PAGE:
7. Bittersweet/Woody Nightshade (Solanum dulcamara)

liz west Bittersweet

The Woody Nightshade has 3-20 loose clusters of star-shaped flowers. These are yellow and purple in color and have red berries for fruits. However, they are toxic to pets, livestock, and humans. Only birds can ingest them. They are usually found in wetlands and creeks, as well as roadsides and parks. The berries are poisonous if ingested by humans and can make them sick.

8. Castor Oil Plant (Ricinus communis)

Castor oil plant
Yay Castor oil plant

This flowering plant grows in tropical and warm-temperature regions. It has glossy green leaves and may even have blackish-purple or maroon leaves with white veins. This has been classified as one of the most toxic plants to humans as it contains ricin which can be fatal for humans if ingested even in the smallest amount. In fact, it has been classified as the most poisonous plant for humans.

9. Chinese Lantern (Physalis alkekengi)

Chinese lantern Physalis alkekengi
Yay Chinese lantern (Physalis alkekengi)

You can easily identify the Chinese lantern. It has bright orange or red paper that covers its fruit, almost looking like paper lanterns. The plant itself grows 40 to 60 cm tall, and its leaves grow 6 to 12 cm long and 4 to 9 cm wide. While the plant looks pretty, the unripe berries are toxic and can be fatal. However, the ripe fruit can be consumed.

10. Chokecherry (Prunus virginiana)

Prunus virginiana Chokecherry
Matt Lavin Prunus virginiana – Chokecherry

Chokecherry is a big shrub or small tree that comes with sharp-toothed leaves that have an oval crown. They become orange in the fall and golden-yellow in the sun. The leaves are poisonous and if ingested, can be fatal. This plant can be found on canyon slopes and along hillsides. Keep in mind that the fresh leaves, as well as the wilted leaves, can be fatal if consumed.

11. Dumb Canes (Dieffenbachia)

Dieffenbachia Dumb cane
Forest and Kim Starr Dieffenbachia (Dumb cane)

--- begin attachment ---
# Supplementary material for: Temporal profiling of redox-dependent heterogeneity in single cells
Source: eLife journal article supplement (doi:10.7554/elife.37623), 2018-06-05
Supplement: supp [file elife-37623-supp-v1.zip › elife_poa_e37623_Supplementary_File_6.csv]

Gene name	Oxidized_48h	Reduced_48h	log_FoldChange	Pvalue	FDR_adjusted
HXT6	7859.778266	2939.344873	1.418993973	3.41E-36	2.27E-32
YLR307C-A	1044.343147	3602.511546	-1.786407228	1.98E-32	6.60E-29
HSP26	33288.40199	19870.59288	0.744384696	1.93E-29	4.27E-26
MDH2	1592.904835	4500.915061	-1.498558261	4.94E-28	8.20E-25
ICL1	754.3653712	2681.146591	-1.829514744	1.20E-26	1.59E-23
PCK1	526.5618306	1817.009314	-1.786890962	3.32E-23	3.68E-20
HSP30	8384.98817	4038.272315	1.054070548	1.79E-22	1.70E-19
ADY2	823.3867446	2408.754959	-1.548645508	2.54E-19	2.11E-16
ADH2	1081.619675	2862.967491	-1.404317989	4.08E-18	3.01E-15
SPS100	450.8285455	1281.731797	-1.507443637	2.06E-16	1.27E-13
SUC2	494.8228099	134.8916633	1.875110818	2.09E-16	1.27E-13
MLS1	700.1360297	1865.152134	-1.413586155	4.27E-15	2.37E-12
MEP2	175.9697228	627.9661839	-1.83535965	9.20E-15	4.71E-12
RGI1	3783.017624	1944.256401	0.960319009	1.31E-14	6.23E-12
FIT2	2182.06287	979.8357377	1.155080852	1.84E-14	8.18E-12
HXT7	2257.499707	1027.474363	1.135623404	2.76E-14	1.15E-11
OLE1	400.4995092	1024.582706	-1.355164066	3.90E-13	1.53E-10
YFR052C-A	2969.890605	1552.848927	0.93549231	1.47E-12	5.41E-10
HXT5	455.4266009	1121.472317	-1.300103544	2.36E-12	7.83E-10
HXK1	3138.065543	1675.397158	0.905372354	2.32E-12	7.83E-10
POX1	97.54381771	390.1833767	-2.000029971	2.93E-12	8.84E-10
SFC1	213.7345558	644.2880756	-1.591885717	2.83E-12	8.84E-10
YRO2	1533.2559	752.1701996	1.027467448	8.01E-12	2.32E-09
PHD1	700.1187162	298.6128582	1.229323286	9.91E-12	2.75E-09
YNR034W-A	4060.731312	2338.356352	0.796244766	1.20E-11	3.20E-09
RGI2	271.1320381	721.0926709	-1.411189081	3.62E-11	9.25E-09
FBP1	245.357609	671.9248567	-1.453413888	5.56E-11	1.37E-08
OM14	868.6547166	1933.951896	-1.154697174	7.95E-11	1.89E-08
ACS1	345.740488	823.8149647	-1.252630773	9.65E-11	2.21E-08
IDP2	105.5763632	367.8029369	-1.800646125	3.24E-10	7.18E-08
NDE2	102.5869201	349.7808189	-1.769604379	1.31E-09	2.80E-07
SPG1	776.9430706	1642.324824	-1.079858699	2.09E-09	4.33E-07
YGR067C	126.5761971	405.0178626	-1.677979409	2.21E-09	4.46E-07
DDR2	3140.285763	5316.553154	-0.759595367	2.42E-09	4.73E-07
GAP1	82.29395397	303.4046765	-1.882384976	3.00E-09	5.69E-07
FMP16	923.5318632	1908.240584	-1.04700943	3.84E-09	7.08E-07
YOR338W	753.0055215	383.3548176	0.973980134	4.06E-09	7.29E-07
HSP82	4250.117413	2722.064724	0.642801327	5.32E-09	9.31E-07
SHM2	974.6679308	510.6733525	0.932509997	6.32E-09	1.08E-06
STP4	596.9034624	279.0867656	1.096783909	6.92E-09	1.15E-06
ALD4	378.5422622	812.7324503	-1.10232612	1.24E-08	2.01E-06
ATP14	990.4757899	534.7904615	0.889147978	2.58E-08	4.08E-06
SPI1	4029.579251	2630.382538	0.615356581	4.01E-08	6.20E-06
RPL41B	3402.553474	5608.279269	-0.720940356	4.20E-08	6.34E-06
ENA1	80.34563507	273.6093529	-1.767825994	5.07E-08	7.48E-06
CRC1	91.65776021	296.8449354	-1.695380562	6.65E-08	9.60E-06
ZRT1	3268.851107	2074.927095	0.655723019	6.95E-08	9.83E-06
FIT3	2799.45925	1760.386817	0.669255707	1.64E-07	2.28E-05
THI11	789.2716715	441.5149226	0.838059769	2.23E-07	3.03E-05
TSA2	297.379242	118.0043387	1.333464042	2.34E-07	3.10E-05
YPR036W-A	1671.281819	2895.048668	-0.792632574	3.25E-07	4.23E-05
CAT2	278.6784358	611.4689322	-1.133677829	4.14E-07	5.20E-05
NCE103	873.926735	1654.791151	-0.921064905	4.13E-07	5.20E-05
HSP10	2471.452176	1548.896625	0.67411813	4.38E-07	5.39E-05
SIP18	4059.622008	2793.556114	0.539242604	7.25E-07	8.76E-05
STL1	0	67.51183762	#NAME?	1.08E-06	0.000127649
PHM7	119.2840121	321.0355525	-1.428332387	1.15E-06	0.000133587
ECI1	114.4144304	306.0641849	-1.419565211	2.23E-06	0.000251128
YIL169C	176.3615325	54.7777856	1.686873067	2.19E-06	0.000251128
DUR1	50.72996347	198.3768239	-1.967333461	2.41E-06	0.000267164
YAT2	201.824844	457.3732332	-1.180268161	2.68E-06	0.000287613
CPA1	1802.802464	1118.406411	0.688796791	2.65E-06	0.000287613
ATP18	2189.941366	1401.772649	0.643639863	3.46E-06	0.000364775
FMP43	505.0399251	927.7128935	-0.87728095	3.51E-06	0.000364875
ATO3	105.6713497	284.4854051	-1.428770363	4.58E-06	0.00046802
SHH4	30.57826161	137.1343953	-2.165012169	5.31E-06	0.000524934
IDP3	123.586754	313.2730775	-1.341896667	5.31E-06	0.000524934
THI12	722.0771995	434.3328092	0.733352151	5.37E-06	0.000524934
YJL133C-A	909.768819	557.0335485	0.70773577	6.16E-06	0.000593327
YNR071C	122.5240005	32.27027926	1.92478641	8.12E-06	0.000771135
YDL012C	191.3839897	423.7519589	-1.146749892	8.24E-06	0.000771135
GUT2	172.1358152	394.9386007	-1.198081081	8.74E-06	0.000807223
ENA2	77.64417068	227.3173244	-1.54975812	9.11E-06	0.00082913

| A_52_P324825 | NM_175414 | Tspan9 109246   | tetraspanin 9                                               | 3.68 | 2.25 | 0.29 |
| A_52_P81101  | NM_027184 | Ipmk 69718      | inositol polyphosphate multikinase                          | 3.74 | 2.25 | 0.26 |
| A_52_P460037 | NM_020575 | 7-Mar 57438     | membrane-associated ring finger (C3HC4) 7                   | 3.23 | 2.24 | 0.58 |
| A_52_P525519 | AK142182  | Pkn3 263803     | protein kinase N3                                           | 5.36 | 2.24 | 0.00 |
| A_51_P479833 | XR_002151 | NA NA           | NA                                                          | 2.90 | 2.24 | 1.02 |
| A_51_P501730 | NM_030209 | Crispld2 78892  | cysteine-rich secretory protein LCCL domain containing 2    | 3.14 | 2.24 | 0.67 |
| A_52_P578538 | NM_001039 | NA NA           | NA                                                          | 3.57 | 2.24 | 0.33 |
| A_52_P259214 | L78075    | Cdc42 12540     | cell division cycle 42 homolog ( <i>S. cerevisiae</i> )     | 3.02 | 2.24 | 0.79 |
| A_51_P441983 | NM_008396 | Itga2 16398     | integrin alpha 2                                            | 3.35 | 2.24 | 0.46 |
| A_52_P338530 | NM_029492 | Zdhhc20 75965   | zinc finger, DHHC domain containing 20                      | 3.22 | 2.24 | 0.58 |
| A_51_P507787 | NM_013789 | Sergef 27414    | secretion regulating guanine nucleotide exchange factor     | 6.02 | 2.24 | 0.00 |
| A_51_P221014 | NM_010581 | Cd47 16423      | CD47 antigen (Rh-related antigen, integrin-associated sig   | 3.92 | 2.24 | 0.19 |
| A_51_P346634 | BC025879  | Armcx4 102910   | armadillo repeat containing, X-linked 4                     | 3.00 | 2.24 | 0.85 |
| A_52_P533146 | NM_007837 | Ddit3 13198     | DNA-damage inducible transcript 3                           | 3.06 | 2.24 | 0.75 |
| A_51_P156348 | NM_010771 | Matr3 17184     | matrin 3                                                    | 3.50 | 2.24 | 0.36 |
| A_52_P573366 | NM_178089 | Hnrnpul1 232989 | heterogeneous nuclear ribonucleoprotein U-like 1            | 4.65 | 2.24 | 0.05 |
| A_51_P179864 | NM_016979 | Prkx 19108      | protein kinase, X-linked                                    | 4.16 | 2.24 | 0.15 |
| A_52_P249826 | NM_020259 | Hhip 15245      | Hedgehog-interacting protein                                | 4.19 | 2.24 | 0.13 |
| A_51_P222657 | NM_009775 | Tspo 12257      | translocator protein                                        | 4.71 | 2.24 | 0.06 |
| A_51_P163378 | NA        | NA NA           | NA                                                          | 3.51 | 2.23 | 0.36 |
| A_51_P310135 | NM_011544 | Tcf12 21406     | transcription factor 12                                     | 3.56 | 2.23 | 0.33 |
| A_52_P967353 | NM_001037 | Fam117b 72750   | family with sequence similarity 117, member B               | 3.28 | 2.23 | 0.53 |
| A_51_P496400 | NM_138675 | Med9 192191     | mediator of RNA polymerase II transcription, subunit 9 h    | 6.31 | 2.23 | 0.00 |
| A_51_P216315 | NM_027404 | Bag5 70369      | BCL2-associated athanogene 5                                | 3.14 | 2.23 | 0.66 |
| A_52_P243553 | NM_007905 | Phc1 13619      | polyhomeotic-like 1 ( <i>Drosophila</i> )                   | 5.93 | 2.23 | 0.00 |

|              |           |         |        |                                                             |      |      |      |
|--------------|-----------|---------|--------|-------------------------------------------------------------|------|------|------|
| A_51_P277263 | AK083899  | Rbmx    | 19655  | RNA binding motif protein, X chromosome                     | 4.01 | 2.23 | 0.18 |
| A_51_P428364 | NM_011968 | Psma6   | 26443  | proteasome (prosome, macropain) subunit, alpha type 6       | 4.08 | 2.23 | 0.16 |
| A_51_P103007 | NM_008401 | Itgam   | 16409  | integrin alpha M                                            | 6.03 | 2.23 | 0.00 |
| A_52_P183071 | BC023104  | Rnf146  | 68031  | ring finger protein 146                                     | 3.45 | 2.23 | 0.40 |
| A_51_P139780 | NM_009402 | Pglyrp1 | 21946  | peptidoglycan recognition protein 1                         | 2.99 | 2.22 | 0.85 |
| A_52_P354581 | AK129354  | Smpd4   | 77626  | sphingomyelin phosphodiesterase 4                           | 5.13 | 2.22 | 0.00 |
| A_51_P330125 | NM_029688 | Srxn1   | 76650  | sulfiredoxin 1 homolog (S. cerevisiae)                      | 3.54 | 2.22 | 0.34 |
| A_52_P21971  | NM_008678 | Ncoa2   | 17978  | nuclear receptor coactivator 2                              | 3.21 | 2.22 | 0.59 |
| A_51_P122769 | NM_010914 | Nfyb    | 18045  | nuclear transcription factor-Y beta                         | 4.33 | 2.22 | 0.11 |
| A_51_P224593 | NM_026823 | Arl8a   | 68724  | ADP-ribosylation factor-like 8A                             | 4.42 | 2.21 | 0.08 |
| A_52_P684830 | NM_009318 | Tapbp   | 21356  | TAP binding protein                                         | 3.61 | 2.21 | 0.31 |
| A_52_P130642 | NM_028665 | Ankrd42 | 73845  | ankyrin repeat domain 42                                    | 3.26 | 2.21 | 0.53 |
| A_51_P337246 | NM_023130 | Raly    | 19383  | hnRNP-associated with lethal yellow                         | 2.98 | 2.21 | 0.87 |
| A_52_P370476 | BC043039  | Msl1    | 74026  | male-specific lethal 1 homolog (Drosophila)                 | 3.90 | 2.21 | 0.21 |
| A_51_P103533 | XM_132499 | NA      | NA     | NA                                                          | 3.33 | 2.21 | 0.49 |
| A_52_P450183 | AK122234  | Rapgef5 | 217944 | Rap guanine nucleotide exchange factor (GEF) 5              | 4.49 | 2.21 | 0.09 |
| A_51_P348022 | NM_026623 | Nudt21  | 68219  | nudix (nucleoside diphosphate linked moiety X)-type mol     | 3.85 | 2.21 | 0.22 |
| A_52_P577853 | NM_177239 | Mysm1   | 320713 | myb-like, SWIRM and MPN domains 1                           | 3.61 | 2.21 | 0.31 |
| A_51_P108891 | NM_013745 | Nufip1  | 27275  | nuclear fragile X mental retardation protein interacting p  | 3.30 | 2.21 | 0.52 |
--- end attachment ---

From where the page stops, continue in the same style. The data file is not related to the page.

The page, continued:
Most Dumb Canes are cream and green, white and green, or fully green. They can be striped or speckled. Even though it does not often bloom, when it does, the flowers look like a peace lily. If the plant is eaten, it can cause toxicity. It contains calcium oxalate, which can lead to toxicity if it is ingested or handled incorrectly.

12. Dogbane/Indian Hemp (Apocynum cannabinum)

Indian Hemp
Bonnie James Indian Hemp

This plant has a purple stem that is erect and strong and can rise up to 4 feet. It has long, oval leaves and tiny cream-colored flowers. The leaves have a coating of white or bloom, and the seeds grow in spindle-shaped pods. Keep in mind that the green as well as dried plants are toxic and can be lethal for animals.

13. Rosary Pea (Abrus precatorius)

Rosary Pea
Jump Rosary Pea

The Rosary Pea is a slender plant with leaves that are pinnate-leafleted. It is a climber that wraps itself around hedges, trees, and shrubs. It contains a lethal toxic that leads to the death of cells in the body. In fact, it is known to be one of the most toxic plants known to man. The outer coating of the seed only causes mild symptoms.

14. Jimsonweed/Devil’s Weed (Datura stramonium)

Datura stramonium
Yay Datura stramonium

The Devil’s Weed is an erect herb that grows once a year. It has toothed leaves that are soft, while its violet or creamy flowers are shaped like a trumpet. The entire plant contains an alkaloid, making it completely poisonous. The active poisons in the plant are hyoscyamine, atropine, and scopolamine. In medicine, it is used for its hallucinogenic properties.

15. Wolf’s Bane/Monkshood (Aconitum)

Maria R Aconitum

This plant has flowers shaped like a hood that grow in spike-like clusters. They can be white and yellow or blue and purple. Since it contains neurotoxins and cardiotoxins, it is extremely bad for humans and animals. The entire part, especially the roots, is full of toxins. Keep in mind that raw aconite plants can be extremely poisonous and can harm the heart.